I couldn’t begin to imagine how people might respond to it, and consciously try never to think about the readers at all while writing. But I hope they have a good laugh and come away with lots of questions.
 
When you’re embarking on a new novel what approach do you take?
I probably thought about those two blokes in the pub for six months before writing anything at all about them. Once I’d decided the book would mostly take place in a pub the second bloke would find violently disagreeable, I spent a few months going for drinks in pubs I didn’t remotely like. Several encounters and details in the book were drawn from this period, and it was around then that I started writing a few passages which later went in the book. So I’d probably say live with the idea a bit first and then, if needed, live a little of it too, see if you have any idea what you’re about to start gobbing off about.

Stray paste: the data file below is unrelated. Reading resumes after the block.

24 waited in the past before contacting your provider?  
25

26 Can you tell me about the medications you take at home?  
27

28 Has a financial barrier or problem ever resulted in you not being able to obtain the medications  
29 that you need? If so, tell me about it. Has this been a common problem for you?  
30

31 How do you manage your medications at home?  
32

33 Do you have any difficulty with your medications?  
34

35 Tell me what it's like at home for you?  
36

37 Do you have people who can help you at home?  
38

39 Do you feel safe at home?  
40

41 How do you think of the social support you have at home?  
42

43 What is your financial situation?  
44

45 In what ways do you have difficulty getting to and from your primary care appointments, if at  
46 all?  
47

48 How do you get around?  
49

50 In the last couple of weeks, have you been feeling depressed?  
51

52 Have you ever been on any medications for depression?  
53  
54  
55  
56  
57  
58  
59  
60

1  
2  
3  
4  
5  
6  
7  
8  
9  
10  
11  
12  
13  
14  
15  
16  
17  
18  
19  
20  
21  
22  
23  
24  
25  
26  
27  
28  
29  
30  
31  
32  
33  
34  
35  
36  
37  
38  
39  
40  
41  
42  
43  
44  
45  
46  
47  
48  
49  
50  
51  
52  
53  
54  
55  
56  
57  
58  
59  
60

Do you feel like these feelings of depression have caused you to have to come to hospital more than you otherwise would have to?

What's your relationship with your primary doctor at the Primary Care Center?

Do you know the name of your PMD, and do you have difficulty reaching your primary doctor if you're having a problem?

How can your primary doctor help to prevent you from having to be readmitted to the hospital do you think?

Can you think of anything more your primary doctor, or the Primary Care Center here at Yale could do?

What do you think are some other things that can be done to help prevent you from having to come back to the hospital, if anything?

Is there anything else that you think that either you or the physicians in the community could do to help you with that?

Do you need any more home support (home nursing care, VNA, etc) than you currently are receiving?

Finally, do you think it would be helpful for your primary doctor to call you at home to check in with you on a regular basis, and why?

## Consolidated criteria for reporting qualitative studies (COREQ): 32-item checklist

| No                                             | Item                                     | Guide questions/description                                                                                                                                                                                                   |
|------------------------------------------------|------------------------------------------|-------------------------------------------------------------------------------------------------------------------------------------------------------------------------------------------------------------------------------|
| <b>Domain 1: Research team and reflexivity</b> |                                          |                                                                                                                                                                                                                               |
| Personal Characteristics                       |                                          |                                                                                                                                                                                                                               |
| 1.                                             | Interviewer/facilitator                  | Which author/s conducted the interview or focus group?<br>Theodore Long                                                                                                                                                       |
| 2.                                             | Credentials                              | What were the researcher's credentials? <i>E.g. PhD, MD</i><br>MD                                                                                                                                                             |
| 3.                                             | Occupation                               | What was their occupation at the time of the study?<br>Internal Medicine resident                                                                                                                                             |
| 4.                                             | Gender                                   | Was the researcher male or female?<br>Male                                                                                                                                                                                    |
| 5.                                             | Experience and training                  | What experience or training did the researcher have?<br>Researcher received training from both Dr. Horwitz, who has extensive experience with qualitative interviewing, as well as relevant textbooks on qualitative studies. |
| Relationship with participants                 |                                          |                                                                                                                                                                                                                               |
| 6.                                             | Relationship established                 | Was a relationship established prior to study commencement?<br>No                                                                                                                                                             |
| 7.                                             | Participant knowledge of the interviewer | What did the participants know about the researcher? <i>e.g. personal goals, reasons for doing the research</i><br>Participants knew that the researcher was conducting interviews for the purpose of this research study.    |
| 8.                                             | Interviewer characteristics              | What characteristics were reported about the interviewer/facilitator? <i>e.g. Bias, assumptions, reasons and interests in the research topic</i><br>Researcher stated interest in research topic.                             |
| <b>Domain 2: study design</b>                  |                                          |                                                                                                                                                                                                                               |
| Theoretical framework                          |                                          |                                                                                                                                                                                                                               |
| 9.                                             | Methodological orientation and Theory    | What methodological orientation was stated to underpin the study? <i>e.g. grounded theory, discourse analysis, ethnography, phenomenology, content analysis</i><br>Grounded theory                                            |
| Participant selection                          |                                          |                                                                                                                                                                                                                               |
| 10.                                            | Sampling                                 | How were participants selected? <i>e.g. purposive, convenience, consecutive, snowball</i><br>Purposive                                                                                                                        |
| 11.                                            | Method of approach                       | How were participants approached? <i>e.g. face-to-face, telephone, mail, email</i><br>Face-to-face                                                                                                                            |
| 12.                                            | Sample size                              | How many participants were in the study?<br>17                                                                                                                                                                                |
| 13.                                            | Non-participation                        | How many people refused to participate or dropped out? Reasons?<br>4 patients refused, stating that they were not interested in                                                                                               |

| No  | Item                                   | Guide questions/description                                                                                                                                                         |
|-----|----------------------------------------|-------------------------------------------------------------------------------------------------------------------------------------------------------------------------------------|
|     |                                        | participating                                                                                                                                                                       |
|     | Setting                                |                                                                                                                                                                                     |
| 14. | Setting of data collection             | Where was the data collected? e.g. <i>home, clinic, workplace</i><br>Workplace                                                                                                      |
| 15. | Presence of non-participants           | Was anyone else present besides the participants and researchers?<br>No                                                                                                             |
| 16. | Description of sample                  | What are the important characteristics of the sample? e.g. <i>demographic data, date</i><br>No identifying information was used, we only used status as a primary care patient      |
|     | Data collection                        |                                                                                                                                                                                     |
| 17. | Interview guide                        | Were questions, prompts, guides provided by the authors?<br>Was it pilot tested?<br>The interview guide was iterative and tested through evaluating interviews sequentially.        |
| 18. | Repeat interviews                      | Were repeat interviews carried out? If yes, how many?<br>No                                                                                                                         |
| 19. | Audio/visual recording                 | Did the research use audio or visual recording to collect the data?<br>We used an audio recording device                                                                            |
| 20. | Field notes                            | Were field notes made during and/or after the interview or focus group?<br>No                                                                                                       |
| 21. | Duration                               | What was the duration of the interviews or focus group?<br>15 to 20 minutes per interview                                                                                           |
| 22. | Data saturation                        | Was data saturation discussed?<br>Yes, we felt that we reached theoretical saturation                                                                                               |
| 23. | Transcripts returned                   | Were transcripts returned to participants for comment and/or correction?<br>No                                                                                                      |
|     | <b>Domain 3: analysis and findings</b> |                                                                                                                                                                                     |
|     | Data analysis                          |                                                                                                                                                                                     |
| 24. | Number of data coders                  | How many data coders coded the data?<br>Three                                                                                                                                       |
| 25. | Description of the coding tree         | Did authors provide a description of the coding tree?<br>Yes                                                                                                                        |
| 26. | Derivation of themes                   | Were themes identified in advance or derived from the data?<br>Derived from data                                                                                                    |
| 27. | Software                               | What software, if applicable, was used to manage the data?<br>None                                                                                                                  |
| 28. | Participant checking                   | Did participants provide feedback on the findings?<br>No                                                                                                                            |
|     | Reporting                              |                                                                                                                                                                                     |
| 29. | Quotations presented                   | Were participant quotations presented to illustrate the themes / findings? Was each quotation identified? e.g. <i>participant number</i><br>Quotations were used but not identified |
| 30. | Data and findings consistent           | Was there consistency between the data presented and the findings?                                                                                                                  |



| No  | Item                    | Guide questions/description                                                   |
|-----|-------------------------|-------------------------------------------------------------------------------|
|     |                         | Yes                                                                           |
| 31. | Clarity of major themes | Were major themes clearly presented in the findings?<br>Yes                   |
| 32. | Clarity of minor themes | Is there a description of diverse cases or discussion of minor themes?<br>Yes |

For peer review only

You’re clearly a political man. How does that manifest itself in your writing?
Mostly by writing as little directly about politics as possible. There’s none at all in my first book, but not really possible in Coketown. Two men in their late 40s or early 50s out for a first pint at the moment are going to talk and think about politics, the end. As a writer I’m much less interested in the mechanics and intrigue of politics – the Great Players and their Press Court – than its ripples across culture and society. The average working class Brexit voting bloke is far more interesting to me, the route travelled from where via what, than is Boris Johnson, who is a two-dimensional cartoon villain who can be read like a child’s book, and a shit one at that.
 
What’s wrong with politics these days?